A Look at ES6 Generators

By Amitai B.

Feb 4, 2017

One of the more complicated notions presented in ES6 is generators. This is a feature with a lot of power that enhances the JavaScript language, especially in areas such as asynchronous programming.

In this blog post, I will describe these generators and how to use them in the real world.

Iterator

In order to understand generators, we need first to learn what is an iterator.

An iterator is a design pattern to go over elements in a collection without it knowing anything about the collection structure and the elements themselves.

An iterator has two methods:

  • next() – which returns the next item of the collection
  • hasNext() – returns true or false whether the collection has the next item.

A simple implementation of an iterator can be as follows:

function Iterator(collection) {
    let index = 0;
    return {
        next: () => {
            return collection[index++];
        },
        hasNext: () => {
            return index < collection.length;
        }
    }
}

const iter = Iterator([1,2,3]);
while (iter.hasNext()) {
    console.log(iter.next()); // 1 2 3
}

For..of

Another cool feature of ES6 is the “for..of” loop. This operator creates a loop with iterator objects. This is a JS object that implements the iterator JavaScript protocol. The protocol defines how to implement the iterator design pattern. The object has a next method that returns an object with two keys:

  • Value
  • Done (boolean)

JavaScript objects such as Array, Map and Set implement this protocol. If we want to do a simple implementation of our iterator object, it can be done as follows:

function Iterator(collection) {
    let index = 0;
    const iter = {};
    iter[Symbol.iterator] = () => {
        return {
            next: () => {
                if (index < collection.length) {
                    return {
                        value: collection[index++],
                        done: false
                    };
                } else {
                    return {
                        value: null,
                        done: true
                    };
                }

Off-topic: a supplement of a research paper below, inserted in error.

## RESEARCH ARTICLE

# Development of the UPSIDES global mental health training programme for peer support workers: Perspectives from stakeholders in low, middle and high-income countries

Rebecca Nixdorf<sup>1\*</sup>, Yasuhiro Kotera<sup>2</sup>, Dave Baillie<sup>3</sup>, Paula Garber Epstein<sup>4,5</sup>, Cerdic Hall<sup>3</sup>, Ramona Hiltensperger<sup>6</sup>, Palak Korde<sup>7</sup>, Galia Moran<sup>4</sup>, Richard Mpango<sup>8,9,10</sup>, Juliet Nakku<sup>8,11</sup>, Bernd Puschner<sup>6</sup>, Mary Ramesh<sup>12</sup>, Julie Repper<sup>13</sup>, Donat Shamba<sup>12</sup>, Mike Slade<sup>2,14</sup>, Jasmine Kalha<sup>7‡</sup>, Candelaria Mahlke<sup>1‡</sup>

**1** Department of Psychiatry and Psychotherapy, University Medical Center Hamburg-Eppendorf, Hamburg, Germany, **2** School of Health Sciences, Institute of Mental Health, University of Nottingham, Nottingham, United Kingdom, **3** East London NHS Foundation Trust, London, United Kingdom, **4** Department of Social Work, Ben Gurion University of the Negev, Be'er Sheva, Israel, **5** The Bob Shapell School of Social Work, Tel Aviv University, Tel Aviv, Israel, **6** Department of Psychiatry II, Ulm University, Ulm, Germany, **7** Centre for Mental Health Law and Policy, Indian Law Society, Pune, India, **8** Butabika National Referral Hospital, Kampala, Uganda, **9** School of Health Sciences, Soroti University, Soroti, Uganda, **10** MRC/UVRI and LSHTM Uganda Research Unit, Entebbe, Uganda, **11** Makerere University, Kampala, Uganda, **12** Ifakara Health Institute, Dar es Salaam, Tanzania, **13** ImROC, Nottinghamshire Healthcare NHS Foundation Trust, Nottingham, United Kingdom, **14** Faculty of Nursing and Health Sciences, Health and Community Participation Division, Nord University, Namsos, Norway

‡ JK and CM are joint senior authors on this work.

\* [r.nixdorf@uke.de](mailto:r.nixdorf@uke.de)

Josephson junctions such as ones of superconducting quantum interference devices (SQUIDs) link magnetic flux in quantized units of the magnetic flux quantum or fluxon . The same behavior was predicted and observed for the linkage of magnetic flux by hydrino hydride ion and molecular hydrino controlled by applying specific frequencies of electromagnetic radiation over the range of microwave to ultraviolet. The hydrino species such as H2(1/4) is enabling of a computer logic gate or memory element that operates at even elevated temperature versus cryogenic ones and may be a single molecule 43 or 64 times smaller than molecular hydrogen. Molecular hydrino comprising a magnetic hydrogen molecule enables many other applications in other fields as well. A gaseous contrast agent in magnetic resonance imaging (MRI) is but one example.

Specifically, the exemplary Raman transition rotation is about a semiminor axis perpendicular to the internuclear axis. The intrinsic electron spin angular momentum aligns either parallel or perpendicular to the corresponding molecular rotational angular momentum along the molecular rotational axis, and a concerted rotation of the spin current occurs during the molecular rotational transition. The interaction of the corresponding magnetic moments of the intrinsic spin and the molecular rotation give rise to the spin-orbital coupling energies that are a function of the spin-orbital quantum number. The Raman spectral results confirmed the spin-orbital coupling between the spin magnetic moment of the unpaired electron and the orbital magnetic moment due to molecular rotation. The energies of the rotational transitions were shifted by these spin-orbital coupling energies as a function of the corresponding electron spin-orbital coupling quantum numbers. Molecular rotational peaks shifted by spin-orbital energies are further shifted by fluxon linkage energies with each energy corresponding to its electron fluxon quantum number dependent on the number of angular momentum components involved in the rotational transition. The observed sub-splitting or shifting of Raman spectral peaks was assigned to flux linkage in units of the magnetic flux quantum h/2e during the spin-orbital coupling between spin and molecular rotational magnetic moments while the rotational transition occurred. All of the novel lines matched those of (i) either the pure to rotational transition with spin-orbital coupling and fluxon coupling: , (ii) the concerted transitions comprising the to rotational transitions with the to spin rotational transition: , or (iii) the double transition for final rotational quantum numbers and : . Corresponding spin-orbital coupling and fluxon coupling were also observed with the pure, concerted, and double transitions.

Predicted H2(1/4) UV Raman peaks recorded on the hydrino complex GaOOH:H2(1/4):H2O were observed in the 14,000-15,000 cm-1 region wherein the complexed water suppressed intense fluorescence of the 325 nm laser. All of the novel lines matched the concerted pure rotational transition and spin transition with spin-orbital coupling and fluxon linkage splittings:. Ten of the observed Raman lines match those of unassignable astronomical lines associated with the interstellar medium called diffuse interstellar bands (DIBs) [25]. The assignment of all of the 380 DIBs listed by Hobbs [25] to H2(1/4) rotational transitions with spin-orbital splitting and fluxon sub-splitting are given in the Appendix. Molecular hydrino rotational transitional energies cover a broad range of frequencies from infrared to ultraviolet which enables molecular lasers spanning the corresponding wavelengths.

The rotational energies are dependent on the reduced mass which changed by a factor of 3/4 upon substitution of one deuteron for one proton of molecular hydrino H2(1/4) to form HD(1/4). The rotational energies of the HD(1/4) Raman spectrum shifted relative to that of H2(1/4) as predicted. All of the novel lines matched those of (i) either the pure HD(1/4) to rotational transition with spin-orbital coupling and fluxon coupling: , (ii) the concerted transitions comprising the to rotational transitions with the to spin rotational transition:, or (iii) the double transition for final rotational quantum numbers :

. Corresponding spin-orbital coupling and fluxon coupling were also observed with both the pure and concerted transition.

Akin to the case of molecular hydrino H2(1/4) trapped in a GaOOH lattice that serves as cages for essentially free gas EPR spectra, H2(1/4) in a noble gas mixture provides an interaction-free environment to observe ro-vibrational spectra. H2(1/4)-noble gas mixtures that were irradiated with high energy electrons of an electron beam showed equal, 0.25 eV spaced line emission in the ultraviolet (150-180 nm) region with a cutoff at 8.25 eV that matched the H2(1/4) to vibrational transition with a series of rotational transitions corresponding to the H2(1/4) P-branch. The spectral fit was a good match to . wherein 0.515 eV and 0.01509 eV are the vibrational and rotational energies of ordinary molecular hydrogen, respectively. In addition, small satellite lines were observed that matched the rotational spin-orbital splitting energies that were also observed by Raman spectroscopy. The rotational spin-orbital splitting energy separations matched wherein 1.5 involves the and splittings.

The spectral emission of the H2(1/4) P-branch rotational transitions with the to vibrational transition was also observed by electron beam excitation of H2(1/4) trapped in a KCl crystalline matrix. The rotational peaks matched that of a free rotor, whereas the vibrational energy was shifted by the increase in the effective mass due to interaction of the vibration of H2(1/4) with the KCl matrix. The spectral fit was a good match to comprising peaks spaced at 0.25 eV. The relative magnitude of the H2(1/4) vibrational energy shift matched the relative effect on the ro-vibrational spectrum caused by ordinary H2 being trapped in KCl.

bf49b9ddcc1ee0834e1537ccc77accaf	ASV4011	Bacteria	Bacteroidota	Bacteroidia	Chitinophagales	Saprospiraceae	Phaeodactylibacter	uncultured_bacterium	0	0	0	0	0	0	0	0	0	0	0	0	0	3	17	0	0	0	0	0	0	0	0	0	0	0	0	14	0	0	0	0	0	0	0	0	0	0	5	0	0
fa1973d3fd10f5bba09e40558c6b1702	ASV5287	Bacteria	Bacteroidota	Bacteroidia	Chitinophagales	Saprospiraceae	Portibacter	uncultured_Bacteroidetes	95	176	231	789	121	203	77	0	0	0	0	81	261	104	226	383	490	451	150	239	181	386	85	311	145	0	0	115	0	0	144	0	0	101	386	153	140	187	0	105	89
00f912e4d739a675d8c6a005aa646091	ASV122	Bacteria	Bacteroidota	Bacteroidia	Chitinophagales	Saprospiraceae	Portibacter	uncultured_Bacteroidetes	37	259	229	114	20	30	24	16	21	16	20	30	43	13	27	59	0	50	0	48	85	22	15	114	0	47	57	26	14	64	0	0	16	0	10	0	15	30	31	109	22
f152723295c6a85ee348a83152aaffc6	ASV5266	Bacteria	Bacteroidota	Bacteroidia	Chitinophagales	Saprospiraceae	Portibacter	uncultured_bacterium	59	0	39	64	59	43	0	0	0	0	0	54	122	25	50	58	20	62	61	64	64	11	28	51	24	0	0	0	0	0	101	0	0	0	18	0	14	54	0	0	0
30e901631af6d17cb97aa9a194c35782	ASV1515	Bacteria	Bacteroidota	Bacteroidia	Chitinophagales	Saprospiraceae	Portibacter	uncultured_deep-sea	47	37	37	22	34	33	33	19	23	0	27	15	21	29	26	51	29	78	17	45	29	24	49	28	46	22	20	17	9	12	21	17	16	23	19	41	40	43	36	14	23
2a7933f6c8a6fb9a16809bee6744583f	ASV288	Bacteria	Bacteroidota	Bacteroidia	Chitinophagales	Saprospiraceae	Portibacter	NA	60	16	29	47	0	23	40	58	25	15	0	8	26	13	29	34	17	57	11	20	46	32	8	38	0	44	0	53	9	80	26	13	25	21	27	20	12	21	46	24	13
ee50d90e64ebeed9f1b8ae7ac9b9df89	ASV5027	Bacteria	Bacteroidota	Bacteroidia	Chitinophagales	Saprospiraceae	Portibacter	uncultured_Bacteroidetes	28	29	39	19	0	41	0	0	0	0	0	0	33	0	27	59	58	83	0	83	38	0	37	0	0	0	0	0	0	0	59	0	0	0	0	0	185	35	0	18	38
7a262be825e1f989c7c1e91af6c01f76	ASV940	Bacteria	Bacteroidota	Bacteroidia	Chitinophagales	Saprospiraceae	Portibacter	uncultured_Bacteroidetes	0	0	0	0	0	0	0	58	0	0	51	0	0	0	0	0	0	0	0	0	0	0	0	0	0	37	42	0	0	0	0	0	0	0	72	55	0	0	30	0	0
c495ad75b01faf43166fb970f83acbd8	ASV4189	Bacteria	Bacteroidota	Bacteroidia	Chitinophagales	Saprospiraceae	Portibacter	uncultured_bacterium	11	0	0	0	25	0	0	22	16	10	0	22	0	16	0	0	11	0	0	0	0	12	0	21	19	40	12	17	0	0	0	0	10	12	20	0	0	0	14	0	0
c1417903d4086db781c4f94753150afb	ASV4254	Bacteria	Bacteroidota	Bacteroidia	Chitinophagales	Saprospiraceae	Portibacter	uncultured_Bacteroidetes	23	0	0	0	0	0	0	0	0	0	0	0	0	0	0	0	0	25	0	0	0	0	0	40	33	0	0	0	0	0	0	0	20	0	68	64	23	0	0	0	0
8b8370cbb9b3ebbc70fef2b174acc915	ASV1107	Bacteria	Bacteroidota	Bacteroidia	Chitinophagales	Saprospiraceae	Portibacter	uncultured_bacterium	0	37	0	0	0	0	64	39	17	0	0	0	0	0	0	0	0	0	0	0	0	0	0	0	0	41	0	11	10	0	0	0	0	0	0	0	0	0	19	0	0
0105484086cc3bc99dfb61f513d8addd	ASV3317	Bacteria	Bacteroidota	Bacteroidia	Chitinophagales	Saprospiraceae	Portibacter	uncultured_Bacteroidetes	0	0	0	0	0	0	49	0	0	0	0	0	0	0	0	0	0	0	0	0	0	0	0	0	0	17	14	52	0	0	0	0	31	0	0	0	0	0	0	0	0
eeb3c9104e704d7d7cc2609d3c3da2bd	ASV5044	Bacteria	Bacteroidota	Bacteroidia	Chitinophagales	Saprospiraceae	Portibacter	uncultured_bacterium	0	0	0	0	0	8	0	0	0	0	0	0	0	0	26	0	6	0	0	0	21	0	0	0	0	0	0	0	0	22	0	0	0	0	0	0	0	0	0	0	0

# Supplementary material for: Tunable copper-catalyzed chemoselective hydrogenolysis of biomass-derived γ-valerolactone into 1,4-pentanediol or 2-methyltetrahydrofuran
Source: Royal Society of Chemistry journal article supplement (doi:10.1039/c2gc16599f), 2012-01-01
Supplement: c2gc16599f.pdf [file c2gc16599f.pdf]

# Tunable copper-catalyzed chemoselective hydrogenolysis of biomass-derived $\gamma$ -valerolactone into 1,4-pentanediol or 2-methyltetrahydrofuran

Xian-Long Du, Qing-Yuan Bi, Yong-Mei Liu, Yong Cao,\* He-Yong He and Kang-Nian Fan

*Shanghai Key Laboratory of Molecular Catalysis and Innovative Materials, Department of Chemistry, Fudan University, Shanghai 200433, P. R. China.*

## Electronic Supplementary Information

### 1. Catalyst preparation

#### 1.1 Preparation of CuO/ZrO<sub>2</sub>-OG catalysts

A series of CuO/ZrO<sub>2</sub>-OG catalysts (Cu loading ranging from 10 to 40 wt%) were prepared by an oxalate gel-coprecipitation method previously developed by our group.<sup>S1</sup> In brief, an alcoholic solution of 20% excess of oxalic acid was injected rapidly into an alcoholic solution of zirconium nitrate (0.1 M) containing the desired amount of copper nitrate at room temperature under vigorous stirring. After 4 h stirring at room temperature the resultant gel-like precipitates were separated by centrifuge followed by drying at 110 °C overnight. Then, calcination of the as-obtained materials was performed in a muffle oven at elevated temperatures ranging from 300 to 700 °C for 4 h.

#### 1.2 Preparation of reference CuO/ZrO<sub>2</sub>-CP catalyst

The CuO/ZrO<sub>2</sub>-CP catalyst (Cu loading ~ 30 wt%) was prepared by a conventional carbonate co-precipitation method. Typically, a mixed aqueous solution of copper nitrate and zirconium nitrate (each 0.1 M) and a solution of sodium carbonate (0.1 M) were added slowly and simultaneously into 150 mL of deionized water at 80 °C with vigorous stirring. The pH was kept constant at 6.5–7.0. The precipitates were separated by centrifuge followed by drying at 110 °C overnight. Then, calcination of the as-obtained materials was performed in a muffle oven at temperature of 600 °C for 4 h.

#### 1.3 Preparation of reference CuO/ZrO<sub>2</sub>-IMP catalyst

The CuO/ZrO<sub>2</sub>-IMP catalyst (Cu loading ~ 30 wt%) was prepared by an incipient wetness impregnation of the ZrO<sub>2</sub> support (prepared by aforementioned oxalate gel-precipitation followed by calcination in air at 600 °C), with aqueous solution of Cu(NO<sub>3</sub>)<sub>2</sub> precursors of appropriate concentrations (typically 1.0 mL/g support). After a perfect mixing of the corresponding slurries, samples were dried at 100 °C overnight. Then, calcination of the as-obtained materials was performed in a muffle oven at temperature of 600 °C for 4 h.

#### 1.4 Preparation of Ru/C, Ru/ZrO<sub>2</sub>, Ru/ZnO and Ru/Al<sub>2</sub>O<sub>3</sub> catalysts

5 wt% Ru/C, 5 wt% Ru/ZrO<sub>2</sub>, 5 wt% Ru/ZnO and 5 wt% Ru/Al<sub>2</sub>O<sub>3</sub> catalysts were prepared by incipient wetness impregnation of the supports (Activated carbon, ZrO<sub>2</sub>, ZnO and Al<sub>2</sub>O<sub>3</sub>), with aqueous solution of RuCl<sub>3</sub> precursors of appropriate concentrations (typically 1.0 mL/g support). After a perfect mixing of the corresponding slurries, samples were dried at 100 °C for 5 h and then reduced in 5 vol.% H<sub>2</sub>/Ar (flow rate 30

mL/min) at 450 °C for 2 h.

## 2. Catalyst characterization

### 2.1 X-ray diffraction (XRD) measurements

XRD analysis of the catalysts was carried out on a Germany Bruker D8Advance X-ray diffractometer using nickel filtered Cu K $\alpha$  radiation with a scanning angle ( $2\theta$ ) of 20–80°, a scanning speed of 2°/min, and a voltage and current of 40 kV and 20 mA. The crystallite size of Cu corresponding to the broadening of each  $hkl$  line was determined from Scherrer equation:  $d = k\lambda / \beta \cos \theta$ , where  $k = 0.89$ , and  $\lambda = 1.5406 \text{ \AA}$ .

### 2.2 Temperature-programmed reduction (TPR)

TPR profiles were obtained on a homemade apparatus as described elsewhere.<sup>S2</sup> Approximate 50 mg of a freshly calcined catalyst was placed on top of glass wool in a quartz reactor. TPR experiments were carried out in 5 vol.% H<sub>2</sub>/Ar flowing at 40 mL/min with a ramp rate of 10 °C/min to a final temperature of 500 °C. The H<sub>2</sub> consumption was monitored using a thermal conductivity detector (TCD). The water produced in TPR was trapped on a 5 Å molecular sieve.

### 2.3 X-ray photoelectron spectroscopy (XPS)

}
        }
    }

    return iter;
}

const iter = Iterator([2,21,33]);
for (let x of iter) {
    console.log(x); // 2 21 33
}

The for..of operator looks for the Symbol.iterator of the object and uses it to iterate.

Generators

Generators help make the creation of generators easier. Instead of all the boilerplate code above, we can use them in this way:

function* Iterator(collection) {
    let index = 0;
    while (index < collection.length) {
        yield collection[index++];
    }
}

const iter = Iterator([22,29,35]);

for (let x of iter) {
    console.log(x); // 22 29 35
}

As we can see, the implementation is much cleaner with much less code. But, what’s going on here? Let’s start by defining generators:

A generator is a special type of function that works as a factory for iterators. A function becomes a generator if it contains one or more yield expressions and if it uses the function* syntax.

This is a very simple generator:

function* simpleGenerator(){
    yield 'a';
    yield 'b';
    yield 'c';
}

const iter = simpleGenerator();

console.log(iter.next()); // { value: 'a', done: false }
console.log(iter.next()); // { value: 'b', done: false }
console.log(iter.next()); // { value: 'c', done: false }
console.log(iter.next()); // { value: undefined, done: true }

Its definition contains “function*” and inside it has the yield keyword. The generator manages its state and returns upon any call the next value. Each returned value has two elements: *value* and done. As we can see, as long as it has next value it returns it until it doesn’t and then it returns done: true.

Bidirectional communication

Generators can receive parameters and use them:

function* foo(x) {
   const y = yield x;
   const z = yield y;
   return z;
}

const gen = foo(1);

console.log(gen.next());    // { value: 1, done: false }
console.log(gen.next(2));   // { value: 2, done: false }
console.log(gen.next(3));   // { value: 3, done: true }

The first yield returns the first parameter that the generator receives in its creation (x), then y gets the value from the next() methods, and so does z. The yield plays two roles, return the next element to the caller, and receive parameter to the generator. As you can see, I returned z, instead of “yielding.” The result was that the done is true and the generator finished it elements.